Tanzania: Best Practice Case Studies

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Energy programs have been implemented across Africa and specifically the Eastern Africa by various organizations for over twenty-five years. Programs have evolved and improved by taking advantage of both formal and informal communication of program features and lessons learned. The best practice projects presented herein seek to build experience and knowledge by establishing a structure for sharing best practices to helpmeet today’s complex energy challenges.

Improved Mud Stoves at Madale Youth Centre, Tanzania

A participatory analysis conducted in March 2007 showed that households in Madale, Tanzania were using fire wood as their main source of energy for cooking. On average a family of 4 members used 2-3 bundles of firewood per week for cooking using an inefficient three stone stoves. As a result deforestation was rampant due to tree cutting for firewood collection, and this adversely impacted the environment. In addition, significant time and resources was also used by Madale centre women to find firewood.

The improved mud stoves intervention has allowed reduction of firewood consumption to between 50 and 60%. The households now need only one bundle of fire woods against the three bundles they used before with three stone stoves. On the other hand cooking time has also decreased substantially and equally important the level of deforestation. Adoption rate has been 96% following the fact that already 48 households out of 50 are currently using improved mud stoves. The remaining two families weree also finalizing construction of the mud improved wood stoves under consideration.

Implementation Strategy Approach

The strategy involved baseline data collection, participatory planning and target setting, demonstration and training, monitoring and evaluation.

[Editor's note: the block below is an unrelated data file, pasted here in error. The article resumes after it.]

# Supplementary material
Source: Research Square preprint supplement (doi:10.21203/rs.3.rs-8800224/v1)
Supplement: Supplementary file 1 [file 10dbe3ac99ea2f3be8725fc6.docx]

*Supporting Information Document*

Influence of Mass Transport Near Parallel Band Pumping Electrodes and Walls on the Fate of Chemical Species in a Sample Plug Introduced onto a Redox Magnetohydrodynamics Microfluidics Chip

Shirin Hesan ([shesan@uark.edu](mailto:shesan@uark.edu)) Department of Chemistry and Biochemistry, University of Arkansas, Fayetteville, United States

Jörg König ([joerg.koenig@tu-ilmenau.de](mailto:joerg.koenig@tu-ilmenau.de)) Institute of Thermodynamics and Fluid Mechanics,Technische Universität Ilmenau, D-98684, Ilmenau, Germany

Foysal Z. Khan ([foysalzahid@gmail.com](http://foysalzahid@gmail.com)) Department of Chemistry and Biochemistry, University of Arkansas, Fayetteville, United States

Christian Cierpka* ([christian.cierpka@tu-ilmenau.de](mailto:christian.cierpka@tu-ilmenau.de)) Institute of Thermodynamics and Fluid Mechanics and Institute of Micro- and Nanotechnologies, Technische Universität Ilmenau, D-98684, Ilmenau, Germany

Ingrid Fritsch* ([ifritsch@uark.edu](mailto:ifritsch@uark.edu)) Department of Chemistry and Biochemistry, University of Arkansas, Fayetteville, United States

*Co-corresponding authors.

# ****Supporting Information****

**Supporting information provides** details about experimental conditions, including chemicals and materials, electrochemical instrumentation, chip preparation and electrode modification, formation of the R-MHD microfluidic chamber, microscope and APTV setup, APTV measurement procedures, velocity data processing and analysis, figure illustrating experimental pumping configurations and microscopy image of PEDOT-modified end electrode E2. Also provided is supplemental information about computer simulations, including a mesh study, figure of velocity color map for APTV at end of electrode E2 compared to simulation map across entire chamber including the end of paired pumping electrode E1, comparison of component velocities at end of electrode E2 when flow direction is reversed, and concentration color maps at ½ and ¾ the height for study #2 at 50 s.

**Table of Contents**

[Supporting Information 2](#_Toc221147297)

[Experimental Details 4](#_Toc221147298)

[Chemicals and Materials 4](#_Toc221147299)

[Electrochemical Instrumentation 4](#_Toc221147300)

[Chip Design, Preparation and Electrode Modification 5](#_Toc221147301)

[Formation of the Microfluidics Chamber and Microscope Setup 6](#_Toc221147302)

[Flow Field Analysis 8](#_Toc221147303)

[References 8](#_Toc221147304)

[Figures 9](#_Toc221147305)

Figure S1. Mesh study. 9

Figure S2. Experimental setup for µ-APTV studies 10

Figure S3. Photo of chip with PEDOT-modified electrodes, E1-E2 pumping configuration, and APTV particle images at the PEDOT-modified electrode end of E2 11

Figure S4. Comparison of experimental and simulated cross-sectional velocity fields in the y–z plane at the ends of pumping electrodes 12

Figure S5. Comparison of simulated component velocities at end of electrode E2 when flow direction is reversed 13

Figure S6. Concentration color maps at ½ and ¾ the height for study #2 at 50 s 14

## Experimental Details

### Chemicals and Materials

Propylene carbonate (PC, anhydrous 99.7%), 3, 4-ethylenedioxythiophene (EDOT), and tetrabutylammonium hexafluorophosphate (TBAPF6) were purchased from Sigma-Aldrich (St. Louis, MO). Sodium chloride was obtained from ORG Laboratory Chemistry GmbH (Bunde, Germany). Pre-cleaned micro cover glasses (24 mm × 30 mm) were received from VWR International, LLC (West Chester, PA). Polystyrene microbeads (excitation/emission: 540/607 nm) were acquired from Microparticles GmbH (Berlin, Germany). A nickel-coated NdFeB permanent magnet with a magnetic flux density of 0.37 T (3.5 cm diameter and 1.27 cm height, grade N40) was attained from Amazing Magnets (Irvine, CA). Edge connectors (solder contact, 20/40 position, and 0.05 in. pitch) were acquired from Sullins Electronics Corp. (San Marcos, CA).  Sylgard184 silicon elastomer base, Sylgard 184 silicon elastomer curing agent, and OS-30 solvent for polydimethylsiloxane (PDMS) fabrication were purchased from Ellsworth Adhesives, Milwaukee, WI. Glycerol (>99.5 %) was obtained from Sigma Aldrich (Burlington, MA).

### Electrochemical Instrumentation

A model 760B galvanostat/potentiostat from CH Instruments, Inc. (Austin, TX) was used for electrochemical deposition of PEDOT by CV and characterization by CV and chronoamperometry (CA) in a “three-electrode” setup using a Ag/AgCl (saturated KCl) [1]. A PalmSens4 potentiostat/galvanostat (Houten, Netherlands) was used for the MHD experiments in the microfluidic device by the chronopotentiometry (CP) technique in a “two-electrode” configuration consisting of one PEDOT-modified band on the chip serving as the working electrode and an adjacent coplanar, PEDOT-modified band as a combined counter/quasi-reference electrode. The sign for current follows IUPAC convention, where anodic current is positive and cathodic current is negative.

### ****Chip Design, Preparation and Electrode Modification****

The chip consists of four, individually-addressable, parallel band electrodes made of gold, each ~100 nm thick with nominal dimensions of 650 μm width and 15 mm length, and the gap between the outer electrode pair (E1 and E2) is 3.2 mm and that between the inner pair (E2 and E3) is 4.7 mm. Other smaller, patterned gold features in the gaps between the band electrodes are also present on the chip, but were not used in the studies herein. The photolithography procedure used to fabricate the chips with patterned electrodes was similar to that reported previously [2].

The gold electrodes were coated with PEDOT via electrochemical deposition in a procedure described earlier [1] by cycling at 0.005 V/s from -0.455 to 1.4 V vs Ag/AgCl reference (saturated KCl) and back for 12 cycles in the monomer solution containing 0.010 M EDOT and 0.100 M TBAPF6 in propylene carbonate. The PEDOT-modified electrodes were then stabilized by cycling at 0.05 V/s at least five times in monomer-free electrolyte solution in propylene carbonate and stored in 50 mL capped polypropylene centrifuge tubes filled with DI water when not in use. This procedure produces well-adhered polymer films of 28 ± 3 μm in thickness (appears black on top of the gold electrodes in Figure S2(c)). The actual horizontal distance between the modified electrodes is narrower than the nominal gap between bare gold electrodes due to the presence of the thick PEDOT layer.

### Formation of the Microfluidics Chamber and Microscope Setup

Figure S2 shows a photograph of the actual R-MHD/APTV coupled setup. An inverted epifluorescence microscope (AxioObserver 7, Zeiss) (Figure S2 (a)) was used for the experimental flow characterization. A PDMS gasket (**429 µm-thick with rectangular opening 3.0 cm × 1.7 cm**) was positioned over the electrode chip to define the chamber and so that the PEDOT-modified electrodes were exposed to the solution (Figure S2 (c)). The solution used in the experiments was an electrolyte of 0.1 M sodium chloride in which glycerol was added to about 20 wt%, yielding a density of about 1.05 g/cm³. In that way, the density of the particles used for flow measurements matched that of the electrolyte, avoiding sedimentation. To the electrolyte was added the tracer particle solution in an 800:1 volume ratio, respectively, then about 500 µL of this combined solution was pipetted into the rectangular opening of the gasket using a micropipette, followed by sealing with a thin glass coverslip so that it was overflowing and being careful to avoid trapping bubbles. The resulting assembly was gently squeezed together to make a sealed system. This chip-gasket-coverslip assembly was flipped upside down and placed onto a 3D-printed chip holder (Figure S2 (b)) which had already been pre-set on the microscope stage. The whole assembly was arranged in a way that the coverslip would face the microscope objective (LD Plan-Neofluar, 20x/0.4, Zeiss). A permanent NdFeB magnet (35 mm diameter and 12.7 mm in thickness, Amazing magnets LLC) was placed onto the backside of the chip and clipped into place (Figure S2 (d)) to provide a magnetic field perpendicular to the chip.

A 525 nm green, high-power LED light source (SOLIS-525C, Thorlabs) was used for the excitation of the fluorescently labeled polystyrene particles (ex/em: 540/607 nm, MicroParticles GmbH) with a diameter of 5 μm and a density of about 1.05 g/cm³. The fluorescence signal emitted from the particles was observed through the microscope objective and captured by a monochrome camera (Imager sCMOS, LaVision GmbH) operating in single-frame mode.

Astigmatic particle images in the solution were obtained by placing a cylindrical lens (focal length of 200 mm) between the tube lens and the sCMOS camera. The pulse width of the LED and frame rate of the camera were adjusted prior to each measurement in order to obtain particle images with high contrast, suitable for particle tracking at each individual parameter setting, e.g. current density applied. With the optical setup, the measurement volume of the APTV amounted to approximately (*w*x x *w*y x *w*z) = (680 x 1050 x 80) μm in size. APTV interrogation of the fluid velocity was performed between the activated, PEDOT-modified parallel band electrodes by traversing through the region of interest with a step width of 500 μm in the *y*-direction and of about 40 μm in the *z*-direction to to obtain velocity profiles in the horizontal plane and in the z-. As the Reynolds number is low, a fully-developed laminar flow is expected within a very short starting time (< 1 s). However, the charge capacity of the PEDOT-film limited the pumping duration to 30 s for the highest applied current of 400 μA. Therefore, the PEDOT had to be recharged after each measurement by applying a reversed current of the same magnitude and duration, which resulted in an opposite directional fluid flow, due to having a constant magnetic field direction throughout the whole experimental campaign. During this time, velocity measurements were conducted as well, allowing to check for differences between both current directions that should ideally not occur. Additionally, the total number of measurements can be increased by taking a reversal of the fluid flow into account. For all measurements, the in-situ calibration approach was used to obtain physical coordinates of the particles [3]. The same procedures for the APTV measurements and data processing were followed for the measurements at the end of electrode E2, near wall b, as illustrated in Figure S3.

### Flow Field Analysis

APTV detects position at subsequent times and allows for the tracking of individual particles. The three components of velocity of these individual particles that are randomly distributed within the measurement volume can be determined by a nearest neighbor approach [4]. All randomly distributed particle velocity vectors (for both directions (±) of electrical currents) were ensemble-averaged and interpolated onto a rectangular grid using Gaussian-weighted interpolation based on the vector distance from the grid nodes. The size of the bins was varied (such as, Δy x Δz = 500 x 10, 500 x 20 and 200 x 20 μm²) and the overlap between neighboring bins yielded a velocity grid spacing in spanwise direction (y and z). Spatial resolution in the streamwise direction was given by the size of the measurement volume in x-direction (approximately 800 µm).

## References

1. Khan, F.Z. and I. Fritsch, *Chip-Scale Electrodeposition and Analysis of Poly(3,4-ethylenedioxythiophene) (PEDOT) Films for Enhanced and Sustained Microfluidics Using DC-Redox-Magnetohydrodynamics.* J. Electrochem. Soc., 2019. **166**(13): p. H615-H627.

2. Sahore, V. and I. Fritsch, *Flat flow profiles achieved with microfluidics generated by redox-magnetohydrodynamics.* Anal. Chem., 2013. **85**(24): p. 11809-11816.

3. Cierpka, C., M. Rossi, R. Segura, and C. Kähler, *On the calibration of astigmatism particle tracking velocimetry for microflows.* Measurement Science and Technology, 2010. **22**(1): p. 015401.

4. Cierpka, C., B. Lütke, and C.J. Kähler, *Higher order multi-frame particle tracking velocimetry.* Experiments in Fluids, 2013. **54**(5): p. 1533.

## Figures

Impacts and Benefits

Realised benefits and impacts included:

  • Time saving for women and children searching for fire wood for cooking
  • Reduced deforestation as a result of efficient improved mud stoves
  • Reduced time of cooking due to increased efficiency of the mud stoves
  • Increased time of women and children for other economic activities including horticulture.

Uzi Solar PV project, Tanzania

Uzi is located in south west part of Unguja Island. It has 3,200 inhabitants. The village is involved in agriculture and fishing. It is about 3km from stone built road which is only passable during low tide. The village is not connected to the grid and hence use of kerosene and diesel was rampant on the island which has negative impact on environment. Lack of awareness on alternative energy sources in the island triggered the need for demonstration project[1].

Tanzania Energy Situation - Solar Energy

Implementation Strategy Approach

The project started with baseline data collection on existing energy options, analysis of average household energy demands and feasible power options for the island. Solar PV system happened to be more relevant for the island. Fifty households were identified to participate in a pilot project. These households were divided into groups of 5 and each group provided with a 120Wp solar PV module, a 10A charge controller and an inverter. The households were responsible for buying their individual batteries. The houses were supposed to be within 300 metres from the selected central household where the module was installed. Each household is designated one day per week to charge its battery and return to connect it to his household circuit. The energy in the battery was enough to take them through out the week. For customers with televisions, they were allowed to charge two days a week.